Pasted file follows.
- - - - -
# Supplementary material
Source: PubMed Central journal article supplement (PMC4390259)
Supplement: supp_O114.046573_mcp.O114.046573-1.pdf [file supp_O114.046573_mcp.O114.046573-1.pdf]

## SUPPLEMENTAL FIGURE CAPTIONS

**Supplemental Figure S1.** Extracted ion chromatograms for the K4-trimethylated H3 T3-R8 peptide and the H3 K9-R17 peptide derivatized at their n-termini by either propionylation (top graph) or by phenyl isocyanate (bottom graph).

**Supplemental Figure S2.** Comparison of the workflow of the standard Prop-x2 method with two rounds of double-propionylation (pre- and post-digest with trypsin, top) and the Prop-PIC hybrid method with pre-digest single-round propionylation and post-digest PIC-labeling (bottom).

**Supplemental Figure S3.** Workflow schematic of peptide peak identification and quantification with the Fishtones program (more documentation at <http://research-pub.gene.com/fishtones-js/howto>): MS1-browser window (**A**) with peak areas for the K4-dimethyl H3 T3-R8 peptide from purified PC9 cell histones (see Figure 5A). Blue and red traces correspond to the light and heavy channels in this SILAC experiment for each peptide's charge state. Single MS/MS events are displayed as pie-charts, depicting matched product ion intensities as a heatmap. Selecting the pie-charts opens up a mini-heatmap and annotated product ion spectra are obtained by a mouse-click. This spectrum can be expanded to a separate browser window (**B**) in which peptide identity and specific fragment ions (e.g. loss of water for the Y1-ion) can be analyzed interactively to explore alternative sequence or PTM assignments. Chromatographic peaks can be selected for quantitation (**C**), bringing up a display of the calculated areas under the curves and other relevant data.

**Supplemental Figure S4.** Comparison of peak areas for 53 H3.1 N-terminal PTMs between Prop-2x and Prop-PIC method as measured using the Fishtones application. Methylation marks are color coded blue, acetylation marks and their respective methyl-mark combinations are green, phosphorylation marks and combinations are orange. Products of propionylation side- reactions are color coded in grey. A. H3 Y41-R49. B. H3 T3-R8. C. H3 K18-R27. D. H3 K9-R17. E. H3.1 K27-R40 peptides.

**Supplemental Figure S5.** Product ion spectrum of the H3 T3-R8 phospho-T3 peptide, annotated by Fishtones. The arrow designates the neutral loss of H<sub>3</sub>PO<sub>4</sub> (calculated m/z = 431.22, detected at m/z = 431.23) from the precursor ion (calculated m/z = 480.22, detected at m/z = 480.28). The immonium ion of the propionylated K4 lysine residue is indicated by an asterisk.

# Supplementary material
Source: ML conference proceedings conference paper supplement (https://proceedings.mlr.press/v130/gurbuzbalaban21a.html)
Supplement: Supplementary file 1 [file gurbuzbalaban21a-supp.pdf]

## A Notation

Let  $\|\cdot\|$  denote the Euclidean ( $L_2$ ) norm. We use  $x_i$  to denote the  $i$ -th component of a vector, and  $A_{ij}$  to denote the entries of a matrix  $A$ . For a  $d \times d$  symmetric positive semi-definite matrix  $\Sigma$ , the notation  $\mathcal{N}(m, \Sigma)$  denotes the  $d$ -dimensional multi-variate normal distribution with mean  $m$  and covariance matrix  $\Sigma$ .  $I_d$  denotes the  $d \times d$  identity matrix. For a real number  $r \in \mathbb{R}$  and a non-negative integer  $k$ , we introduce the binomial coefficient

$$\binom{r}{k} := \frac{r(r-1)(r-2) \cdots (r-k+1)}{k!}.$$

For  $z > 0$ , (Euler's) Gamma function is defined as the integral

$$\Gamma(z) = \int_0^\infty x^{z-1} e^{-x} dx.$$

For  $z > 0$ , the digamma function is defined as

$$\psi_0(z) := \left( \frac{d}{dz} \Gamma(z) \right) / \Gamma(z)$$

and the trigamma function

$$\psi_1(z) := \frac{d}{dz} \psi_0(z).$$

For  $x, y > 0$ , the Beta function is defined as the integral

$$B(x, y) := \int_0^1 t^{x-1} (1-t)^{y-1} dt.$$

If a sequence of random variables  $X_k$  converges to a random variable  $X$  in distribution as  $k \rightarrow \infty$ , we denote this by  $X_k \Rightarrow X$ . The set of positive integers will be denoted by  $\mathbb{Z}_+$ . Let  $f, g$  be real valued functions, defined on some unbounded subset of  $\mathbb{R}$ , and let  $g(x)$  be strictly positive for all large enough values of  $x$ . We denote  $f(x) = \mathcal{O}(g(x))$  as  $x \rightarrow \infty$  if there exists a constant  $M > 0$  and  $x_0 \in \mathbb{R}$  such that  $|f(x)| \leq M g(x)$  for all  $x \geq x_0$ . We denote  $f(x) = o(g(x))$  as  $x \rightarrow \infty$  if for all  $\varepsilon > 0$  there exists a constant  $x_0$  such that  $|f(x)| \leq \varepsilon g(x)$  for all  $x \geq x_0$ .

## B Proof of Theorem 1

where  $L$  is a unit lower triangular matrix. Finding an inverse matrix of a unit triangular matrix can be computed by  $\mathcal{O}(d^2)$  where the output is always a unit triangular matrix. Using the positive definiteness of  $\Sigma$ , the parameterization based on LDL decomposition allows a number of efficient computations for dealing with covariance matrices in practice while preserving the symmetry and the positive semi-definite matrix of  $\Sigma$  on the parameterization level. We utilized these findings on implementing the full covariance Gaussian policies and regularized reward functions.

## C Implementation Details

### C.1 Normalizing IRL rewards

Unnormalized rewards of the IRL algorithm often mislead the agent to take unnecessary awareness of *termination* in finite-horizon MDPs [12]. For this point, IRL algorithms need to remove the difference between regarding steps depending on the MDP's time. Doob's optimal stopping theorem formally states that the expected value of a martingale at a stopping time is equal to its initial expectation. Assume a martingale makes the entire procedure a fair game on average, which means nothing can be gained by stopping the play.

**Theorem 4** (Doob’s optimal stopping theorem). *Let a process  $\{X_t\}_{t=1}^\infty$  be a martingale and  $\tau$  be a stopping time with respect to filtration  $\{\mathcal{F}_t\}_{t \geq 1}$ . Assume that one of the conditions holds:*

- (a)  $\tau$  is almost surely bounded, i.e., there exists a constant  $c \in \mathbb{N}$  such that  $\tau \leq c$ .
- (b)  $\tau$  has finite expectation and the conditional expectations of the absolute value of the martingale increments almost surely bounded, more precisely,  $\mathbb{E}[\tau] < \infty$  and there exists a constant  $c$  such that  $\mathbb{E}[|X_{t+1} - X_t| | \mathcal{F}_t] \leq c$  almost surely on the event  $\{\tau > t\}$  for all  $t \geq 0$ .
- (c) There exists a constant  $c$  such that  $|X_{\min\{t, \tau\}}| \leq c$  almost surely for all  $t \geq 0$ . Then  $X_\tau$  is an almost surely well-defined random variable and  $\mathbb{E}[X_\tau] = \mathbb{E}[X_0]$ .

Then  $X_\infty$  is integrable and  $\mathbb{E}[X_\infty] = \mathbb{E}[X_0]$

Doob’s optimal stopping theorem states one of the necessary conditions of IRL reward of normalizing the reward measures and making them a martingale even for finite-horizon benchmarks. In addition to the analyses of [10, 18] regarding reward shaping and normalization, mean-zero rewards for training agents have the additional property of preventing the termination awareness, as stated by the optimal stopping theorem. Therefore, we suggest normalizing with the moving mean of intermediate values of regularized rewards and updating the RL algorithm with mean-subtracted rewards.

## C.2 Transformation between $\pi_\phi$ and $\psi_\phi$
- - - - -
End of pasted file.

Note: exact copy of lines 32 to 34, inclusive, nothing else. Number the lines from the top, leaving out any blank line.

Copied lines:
- (b)  $\tau$  has finite expectation and the conditional expectations of the absolute value of the martingale increments almost surely bounded, more precisely,  $\mathbb{E}[\tau] < \infty$  and there exists a constant  $c$  such that  $\mathbb{E}[|X_{t+1} - X_t| | \mathcal{F}_t] \leq c$  almost surely on the event  $\{\tau > t\}$  for all  $t \geq 0$ .
- (c) There exists a constant  $c$  such that  $|X_{\min\{t, \tau\}}| \leq c$  almost surely for all  $t \geq 0$ . Then  $X_\tau$  is an almost surely well-defined random variable and  $\mathbb{E}[X_\tau] = \mathbb{E}[X_0]$ .

Then  $X_\infty$  is integrable and  $\mathbb{E}[X_\infty] = \mathbb{E}[X_0]$